In this series, fitness pros investigate how exercise trends measure up to the hype.
It's a sweltering summer afternoon and I'm pushing a weighted sled across the length of a cracked concrete floor in an industrial warehouse. I'm soaked with sweat; my lungs are burning and my legs are begging me to stop. However, DMX keeps demanding I "bring it," so I keep grinding that sled – back and forth, back and forth – until the timer finally sounds, bringing to a close five minutes of hell. And so ends the first round of my hour-long conditioning class at Pursuit OCR, a 10,000-square-foot obstacle-course training centre in the west end of Toronto.
Obstacle-course racing has become a fitness phenomenon over the last few years, with huge events such as the Spartan Race and Tough Mudder attracting competitors from around the world. In response, indoor facilities offering racers access to year-round training have popped up across Canada, from Pursuit and Alpha in Toronto, to OCR Academy in Ottawa, to Calgary's COR Fit. It's no mystery why this sort of training has become so popular. Running, climbing, jumping, crawling – it harks back to the days when we were kids on the playground and being active was a way of life. In an attempt to recapture an essence of my fading youth, I scheduled a general training session at Pursuit and then had at their indoor course.
Painted on a wall inside their training centre is a platitude of sorts that could very well serve as the mission statement for Pursuit OCR: "We don't stop playing because we grow old; we grow old because we stop playing." Their group classes focus on training the skills needed to excel at obstacle-course racing in a social and supportive environment. Think fitness and fun are mutually exclusive? Think again.
What to expect
There is a variety of classes offered at Pursuit, all aiming to recreate the spirit of grade-school gym class while whipping you into shape. The obstacle course itself is always open; it operates as a separate entity from the classes. I was one of six participants in the afternoon general conditioning class, where bodyweight movements (push-ups, pull-ups, jumps) and "functional" exercises (kettlebell swings, medicine-ball slams, sled pushes and pulls) reign supreme. Movement coach Anya Taraboulsy led us through a series of time-based circuits that, despite being mildly torturous, were indeed a lot of fun to perform, due in no small part to the frequent cheers and high-fives from my classmates. The beauty of time-based training is that you're competing only with the clock. You don't need to worry about performing as well as the person beside you; your only job is to fill in the allotted time with as much work as possible, taking breaks whenever you need. It's a great way to build self-efficacy in those new to high-intensity training.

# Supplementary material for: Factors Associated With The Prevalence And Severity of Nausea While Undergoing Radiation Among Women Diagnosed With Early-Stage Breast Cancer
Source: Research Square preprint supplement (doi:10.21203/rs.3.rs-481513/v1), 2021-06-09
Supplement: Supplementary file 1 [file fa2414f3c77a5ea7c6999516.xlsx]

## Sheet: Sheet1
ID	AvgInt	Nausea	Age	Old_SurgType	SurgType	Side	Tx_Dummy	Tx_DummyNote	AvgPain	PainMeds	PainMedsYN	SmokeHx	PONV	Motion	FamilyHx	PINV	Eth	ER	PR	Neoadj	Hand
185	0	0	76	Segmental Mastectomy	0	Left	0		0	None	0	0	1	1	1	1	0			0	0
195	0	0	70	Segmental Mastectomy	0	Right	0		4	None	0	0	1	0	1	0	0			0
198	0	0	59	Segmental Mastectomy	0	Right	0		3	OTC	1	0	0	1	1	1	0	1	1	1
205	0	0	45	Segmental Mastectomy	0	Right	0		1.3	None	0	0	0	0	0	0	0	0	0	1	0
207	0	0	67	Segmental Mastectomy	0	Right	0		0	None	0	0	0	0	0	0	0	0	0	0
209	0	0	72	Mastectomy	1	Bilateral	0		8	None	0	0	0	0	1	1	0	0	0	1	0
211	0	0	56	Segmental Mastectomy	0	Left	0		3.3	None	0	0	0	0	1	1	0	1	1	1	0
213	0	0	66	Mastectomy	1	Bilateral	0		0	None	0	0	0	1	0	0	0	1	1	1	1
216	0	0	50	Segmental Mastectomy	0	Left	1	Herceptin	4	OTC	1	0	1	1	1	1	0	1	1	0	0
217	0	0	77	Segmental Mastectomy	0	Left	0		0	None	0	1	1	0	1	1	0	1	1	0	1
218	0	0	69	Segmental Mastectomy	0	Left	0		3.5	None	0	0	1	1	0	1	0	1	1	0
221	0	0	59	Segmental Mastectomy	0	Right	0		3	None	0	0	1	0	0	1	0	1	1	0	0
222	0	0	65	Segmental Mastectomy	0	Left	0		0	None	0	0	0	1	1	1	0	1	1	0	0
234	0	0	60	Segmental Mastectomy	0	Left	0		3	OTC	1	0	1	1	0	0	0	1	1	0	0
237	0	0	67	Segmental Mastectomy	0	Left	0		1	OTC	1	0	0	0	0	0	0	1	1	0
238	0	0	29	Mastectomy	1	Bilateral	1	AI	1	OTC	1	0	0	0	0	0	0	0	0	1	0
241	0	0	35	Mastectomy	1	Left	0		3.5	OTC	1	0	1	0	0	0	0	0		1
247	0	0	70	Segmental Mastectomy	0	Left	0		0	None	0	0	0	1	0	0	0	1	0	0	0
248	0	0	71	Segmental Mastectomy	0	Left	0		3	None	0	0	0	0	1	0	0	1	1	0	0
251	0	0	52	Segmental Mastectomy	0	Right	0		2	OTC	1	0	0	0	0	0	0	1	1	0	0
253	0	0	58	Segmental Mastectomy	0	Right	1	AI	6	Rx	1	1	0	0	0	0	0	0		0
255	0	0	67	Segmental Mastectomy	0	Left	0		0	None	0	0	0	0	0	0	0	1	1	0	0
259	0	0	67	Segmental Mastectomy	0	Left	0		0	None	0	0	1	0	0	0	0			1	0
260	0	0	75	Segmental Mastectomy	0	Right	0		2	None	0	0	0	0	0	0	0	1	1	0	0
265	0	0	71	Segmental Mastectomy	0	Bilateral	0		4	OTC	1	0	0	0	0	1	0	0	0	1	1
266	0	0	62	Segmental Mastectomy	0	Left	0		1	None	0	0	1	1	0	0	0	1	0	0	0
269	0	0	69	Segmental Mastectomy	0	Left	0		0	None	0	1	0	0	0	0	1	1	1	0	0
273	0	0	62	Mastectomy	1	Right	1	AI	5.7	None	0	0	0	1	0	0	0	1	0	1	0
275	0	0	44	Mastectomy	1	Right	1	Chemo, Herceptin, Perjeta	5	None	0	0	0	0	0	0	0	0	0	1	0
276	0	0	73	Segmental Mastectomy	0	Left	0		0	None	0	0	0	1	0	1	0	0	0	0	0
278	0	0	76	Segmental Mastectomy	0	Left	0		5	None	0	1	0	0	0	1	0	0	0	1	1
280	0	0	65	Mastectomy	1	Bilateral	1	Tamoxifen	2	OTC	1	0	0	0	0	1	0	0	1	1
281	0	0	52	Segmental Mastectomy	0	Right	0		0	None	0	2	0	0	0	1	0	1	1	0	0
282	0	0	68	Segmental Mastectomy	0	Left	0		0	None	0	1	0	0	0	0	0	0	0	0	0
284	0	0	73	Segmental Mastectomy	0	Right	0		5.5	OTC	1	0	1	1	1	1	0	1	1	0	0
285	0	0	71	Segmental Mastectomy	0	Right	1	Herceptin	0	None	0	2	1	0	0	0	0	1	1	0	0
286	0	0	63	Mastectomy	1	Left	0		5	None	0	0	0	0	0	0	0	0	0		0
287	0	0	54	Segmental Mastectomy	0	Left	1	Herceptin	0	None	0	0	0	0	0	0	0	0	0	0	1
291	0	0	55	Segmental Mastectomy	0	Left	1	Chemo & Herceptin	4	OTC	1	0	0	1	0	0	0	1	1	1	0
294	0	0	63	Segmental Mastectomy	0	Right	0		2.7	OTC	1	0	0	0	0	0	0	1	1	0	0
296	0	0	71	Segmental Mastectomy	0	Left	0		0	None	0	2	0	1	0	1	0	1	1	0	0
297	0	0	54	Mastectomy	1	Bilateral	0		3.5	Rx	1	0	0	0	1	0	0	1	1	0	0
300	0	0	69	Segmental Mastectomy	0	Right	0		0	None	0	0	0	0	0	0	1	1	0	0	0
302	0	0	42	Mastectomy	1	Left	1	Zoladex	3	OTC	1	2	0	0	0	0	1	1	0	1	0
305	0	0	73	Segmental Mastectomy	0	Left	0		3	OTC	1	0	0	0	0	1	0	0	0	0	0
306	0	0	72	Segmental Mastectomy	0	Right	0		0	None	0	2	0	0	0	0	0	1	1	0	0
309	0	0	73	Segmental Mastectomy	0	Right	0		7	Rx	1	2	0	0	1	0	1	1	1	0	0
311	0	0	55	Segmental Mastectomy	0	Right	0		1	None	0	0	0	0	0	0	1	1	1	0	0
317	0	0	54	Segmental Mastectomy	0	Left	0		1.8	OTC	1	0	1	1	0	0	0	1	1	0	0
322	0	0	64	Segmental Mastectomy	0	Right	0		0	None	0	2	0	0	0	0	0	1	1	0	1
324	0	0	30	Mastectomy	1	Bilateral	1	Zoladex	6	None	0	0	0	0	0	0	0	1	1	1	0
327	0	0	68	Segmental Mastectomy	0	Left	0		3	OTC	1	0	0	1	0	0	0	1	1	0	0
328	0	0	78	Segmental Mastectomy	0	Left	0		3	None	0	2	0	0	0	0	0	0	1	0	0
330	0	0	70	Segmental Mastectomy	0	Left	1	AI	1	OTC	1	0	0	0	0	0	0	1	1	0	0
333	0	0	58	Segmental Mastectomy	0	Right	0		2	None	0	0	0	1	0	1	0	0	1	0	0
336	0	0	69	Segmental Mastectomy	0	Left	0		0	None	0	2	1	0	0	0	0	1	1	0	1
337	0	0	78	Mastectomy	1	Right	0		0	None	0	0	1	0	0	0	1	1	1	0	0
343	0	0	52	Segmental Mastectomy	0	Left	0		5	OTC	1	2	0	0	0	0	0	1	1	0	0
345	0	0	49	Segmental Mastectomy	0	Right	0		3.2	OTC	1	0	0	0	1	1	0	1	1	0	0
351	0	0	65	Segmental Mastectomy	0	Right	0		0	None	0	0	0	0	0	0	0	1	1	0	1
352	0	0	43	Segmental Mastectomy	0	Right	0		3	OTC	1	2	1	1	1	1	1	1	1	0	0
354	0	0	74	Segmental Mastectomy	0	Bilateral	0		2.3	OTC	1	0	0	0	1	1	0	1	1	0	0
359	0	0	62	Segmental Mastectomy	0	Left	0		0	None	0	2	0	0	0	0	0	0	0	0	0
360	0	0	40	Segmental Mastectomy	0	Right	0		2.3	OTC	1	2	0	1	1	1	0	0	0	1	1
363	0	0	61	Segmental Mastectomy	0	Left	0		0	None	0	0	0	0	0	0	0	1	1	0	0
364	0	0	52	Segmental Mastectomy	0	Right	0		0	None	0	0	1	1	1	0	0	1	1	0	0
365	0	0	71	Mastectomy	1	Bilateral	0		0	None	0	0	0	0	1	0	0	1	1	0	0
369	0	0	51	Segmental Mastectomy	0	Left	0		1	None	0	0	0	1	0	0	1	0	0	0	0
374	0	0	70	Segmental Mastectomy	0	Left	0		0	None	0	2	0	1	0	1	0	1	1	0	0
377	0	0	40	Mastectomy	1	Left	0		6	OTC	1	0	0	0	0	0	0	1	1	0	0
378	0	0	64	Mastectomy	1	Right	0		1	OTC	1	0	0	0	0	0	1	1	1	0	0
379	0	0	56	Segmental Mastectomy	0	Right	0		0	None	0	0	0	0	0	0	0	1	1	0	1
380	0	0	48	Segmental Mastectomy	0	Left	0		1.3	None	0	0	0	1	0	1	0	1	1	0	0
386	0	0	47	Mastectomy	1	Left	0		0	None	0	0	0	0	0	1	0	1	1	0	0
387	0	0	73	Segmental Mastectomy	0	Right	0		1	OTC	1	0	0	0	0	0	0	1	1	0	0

I was wiped out by the time the hour-long class drew to a close, but I still had one last challenge to conquer: the obstacle course. It's an impressive, custom-made design housed in its own area away from the training floor. Neon lanterns and fluorescent black lights add a cool vibe and also increase the challenge; you need to really focus on what you're doing when you're hustling through a dimly lit space. All of the qualities that define fitness – strength, speed, endurance, agility, mobility – are called into action, though there is an emphasis on upper-body strength. Not everyone can hoist themselves over wooden walls and swing across a giant pit of rubber balls; but unlike a traditional weight-lifting workout, if you fail here, you don't have to worry about being crushed by a metal bar.
The conditioning class was intelligently programmed, with an extra emphasis placed on the postural muscles – glutes, hamstrings, lower back, rear shoulders – that often get ignored. One thing Taraboulsy did an excellent job of was offering modifications to the more difficult exercises. Take pull-ups, for example. A lot of people struggle to perform even a single rep with good form. For these folks, resistance bands and elevated platforms are there to add a helping hand.
As someone with no previous exposure to the world of obstacle-course racing, I can't speak to the quality of the course at Pursuit other than to say it was a lot of fun and I will be going back. One word of advice: Try to avoid running the course solo. Having a friendly foe to square off against would have definitely enhanced the experience.
I'm someone who loves lifting weights, but my favourite exercises – sled pushes, farmer's walks, medicine-ball slams – are often impossible to perform at standard gyms. With all the cardio machines and benches, there's simply not enough room. It's different at Pursuit. What they offer, what really sets them apart from a training perspective, is the floor space. There are no elliptical trainers or treadmills. There are no squat racks. Instead, there's an obstacle course, climbing ropes, pull-up bars, tumbling mats, kettlebells and sleds. It's minimalist training at its finest.